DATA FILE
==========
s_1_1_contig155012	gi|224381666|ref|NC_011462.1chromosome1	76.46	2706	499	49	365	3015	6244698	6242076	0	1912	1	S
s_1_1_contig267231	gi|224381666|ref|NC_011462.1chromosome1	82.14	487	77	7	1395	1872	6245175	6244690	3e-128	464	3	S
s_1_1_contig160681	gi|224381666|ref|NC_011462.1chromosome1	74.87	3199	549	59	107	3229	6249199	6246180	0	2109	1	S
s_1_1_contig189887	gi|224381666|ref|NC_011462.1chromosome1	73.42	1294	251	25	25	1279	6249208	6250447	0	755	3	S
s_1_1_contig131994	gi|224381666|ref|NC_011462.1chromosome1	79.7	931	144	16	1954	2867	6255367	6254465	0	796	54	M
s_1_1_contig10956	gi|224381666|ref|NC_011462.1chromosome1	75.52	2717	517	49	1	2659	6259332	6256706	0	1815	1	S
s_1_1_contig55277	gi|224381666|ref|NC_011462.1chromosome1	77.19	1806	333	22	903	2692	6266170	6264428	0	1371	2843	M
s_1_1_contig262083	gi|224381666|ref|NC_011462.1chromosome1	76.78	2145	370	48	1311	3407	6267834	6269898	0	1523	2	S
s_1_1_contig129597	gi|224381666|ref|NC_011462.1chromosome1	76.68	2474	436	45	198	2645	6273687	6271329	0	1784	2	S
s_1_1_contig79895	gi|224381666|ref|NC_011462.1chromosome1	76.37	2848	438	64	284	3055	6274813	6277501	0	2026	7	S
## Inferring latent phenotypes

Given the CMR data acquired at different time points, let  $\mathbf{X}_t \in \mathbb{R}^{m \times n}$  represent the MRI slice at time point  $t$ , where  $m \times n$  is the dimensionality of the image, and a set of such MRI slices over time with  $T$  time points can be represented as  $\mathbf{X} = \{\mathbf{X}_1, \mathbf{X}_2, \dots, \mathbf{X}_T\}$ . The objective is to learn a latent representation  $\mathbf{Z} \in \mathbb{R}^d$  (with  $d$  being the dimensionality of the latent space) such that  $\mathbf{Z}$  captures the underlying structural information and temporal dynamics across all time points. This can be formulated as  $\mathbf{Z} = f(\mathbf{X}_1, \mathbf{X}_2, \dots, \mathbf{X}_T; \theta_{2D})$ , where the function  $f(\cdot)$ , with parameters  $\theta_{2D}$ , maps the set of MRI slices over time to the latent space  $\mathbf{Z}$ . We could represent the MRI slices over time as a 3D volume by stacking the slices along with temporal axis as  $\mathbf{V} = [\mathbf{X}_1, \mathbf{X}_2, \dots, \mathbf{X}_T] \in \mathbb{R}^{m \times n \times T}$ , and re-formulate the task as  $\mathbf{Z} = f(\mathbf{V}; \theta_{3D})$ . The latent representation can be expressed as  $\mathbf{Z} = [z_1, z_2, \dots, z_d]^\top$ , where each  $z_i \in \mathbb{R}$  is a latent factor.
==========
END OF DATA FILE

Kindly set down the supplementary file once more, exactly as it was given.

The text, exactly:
s_1_1_contig155012	gi|224381666|ref|NC_011462.1chromosome1	76.46	2706	499	49	365	3015	6244698	6242076	0	1912	1	S
s_1_1_contig267231	gi|224381666|ref|NC_011462.1chromosome1	82.14	487	77	7	1395	1872	6245175	6244690	3e-128	464	3	S
s_1_1_contig160681	gi|224381666|ref|NC_011462.1chromosome1	74.87	3199	549	59	107	3229	6249199	6246180	0	2109	1	S
s_1_1_contig189887	gi|224381666|ref|NC_011462.1chromosome1	73.42	1294	251	25	25	1279	6249208	6250447	0	755	3	S
s_1_1_contig131994	gi|224381666|ref|NC_011462.1chromosome1	79.7	931	144	16	1954	2867	6255367	6254465	0	796	54	M
s_1_1_contig10956	gi|224381666|ref|NC_011462.1chromosome1	75.52	2717	517	49	1	2659	6259332	6256706	0	1815	1	S
s_1_1_contig55277	gi|224381666|ref|NC_011462.1chromosome1	77.19	1806	333	22	903	2692	6266170	6264428	0	1371	2843	M
s_1_1_contig262083	gi|224381666|ref|NC_011462.1chromosome1	76.78	2145	370	48	1311	3407	6267834	6269898	0	1523	2	S
s_1_1_contig129597	gi|224381666|ref|NC_011462.1chromosome1	76.68	2474	436	45	198	2645	6273687	6271329	0	1784	2	S
s_1_1_contig79895	gi|224381666|ref|NC_011462.1chromosome1	76.37	2848	438	64	284	3055	6274813	6277501	0	2026	7	S
## Inferring latent phenotypes

Given the CMR data acquired at different time points, let  $\mathbf{X}_t \in \mathbb{R}^{m \times n}$  represent the MRI slice at time point  $t$ , where  $m \times n$  is the dimensionality of the image, and a set of such MRI slices over time with  $T$  time points can be represented as  $\mathbf{X} = \{\mathbf{X}_1, \mathbf{X}_2, \dots, \mathbf{X}_T\}$ . The objective is to learn a latent representation  $\mathbf{Z} \in \mathbb{R}^d$  (with  $d$  being the dimensionality of the latent space) such that  $\mathbf{Z}$  captures the underlying structural information and temporal dynamics across all time points. This can be formulated as  $\mathbf{Z} = f(\mathbf{X}_1, \mathbf{X}_2, \dots, \mathbf{X}_T; \theta_{2D})$ , where the function  $f(\cdot)$ , with parameters  $\theta_{2D}$ , maps the set of MRI slices over time to the latent space  $\mathbf{Z}$ . We could represent the MRI slices over time as a 3D volume by stacking the slices along with temporal axis as  $\mathbf{V} = [\mathbf{X}_1, \mathbf{X}_2, \dots, \mathbf{X}_T] \in \mathbb{R}^{m \times n \times T}$ , and re-formulate the task as  $\mathbf{Z} = f(\mathbf{V}; \theta_{3D})$ . The latent representation can be expressed as  $\mathbf{Z} = [z_1, z_2, \dots, z_d]^\top$ , where each  $z_i \in \mathbb{R}$  is a latent factor.